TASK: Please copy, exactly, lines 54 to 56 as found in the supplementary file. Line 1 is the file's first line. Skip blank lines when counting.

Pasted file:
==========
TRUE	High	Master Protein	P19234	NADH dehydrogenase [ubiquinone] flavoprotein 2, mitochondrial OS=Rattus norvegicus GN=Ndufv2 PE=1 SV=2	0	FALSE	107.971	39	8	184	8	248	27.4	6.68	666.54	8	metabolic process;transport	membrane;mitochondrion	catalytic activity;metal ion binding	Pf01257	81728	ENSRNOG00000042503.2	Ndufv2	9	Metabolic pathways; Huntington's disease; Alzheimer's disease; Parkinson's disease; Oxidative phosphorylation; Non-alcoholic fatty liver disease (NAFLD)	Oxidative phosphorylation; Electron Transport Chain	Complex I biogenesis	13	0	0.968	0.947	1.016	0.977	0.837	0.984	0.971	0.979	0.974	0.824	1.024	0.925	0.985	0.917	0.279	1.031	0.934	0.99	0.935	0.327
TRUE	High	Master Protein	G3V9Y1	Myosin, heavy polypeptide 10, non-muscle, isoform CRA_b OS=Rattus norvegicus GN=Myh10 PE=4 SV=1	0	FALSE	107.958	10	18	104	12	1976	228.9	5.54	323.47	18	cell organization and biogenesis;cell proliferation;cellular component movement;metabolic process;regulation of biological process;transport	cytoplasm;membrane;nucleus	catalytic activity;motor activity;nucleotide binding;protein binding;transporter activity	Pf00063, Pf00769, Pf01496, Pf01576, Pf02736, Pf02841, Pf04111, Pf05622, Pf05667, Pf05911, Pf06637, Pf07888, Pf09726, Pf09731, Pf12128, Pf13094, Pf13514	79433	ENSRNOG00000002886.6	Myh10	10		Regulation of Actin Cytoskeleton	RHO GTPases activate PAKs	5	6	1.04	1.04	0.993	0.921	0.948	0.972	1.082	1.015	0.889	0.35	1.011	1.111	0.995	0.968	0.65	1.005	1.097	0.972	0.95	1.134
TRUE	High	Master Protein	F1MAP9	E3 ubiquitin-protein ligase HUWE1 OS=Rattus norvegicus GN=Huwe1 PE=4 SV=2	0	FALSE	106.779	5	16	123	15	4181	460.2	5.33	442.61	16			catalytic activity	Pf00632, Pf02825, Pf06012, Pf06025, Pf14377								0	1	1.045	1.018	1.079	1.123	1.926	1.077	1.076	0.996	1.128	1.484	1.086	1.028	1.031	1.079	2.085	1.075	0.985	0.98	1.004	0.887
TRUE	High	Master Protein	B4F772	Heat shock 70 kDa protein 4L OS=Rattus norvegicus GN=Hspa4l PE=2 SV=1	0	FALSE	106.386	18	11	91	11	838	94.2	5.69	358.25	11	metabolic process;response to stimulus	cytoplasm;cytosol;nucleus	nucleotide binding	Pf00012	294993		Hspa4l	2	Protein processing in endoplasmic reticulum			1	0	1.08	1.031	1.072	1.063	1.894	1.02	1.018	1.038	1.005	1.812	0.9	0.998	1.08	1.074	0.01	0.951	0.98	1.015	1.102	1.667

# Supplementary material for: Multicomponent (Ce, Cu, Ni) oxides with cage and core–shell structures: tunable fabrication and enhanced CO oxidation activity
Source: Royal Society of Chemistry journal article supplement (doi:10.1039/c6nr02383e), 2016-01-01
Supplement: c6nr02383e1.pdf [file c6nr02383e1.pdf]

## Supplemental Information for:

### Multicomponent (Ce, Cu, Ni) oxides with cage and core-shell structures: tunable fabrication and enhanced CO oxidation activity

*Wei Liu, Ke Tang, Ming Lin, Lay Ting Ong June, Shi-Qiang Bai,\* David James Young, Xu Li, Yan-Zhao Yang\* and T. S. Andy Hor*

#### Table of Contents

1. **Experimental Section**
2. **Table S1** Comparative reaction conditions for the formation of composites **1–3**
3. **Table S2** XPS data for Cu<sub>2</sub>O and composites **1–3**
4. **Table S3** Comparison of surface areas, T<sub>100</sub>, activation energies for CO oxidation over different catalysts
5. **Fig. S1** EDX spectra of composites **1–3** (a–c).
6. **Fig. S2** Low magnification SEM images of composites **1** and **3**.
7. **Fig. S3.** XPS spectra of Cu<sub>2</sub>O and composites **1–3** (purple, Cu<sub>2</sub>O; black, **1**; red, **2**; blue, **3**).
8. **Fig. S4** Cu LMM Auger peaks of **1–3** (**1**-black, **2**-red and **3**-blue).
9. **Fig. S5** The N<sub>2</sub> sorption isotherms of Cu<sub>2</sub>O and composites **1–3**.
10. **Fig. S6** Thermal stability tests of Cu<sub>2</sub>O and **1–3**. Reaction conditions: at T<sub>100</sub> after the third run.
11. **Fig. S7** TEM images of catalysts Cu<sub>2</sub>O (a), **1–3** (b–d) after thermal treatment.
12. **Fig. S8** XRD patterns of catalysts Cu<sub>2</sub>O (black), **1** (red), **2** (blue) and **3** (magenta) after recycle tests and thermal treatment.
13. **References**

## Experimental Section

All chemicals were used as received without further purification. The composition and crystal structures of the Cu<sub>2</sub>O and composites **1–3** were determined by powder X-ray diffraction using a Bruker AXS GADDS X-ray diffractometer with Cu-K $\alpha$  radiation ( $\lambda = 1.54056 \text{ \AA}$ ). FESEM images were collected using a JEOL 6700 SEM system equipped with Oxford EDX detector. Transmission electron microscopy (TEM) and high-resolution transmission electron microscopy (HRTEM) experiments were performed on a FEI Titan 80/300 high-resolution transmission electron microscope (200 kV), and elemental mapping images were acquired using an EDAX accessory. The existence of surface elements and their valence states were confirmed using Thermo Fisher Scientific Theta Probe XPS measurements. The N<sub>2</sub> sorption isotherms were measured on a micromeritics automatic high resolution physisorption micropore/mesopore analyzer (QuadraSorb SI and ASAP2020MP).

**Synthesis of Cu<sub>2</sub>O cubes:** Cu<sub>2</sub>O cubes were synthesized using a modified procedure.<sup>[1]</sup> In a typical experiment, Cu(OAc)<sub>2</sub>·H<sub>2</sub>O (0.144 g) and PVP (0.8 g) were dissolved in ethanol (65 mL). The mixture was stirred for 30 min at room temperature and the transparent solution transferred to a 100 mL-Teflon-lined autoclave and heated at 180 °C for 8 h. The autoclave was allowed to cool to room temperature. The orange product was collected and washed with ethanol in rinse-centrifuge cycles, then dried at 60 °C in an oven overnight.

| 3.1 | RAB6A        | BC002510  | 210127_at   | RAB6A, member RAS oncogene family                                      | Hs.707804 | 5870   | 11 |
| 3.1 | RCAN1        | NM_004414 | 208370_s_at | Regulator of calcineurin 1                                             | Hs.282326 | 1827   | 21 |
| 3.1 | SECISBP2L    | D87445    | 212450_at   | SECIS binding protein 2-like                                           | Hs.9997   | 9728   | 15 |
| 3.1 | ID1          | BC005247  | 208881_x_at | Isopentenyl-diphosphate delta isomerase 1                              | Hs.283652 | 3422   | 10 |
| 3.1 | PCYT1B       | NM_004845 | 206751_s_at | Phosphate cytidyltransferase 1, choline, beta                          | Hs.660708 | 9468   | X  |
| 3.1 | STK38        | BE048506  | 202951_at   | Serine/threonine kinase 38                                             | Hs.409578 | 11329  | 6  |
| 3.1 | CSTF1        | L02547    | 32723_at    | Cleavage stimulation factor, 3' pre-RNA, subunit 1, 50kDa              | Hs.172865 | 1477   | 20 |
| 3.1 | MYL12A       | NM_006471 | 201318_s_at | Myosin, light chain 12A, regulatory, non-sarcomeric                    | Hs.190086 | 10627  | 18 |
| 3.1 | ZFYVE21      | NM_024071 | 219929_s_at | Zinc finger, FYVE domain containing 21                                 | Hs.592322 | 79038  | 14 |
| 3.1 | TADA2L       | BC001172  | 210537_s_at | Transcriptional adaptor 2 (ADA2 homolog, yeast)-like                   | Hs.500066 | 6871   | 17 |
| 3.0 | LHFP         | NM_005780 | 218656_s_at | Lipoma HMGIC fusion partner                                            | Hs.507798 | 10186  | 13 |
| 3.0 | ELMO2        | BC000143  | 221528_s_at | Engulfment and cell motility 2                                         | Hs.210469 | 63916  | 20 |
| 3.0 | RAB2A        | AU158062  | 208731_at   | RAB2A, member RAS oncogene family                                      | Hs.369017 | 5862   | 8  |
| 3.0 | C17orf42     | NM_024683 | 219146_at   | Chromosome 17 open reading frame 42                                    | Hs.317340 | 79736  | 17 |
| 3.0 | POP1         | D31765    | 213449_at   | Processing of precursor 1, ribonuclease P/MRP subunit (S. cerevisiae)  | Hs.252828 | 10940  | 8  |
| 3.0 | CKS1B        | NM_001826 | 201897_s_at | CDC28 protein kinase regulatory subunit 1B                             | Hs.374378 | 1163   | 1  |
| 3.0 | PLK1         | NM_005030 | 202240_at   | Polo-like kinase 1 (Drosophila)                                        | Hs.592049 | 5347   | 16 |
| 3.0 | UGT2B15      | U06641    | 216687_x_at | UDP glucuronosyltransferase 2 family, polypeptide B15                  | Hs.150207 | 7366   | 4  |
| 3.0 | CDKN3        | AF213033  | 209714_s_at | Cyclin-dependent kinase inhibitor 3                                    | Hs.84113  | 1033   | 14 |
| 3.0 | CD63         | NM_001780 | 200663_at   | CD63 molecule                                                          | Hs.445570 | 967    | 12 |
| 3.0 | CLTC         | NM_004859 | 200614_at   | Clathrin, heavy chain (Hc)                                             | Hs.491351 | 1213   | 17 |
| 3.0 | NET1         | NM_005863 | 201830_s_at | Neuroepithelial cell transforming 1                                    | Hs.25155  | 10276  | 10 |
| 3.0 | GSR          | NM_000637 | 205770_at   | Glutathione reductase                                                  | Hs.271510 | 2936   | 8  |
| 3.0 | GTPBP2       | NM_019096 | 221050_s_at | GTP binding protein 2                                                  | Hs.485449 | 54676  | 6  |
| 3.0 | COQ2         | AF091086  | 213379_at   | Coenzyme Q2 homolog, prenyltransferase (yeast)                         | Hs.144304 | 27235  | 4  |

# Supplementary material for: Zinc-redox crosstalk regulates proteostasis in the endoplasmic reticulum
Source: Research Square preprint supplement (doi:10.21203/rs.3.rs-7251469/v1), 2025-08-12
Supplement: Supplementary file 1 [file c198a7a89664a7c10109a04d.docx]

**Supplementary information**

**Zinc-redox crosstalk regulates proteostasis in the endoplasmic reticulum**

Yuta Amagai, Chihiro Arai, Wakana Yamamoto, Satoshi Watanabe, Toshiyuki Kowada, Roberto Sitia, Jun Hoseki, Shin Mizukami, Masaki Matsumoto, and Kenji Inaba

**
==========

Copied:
Source: Research Square preprint supplement (doi:10.21203/rs.3.rs-7251469/v1), 2025-08-12
Supplement: Supplementary file 1 [file c198a7a89664a7c10109a04d.docx]

**Supplementary information**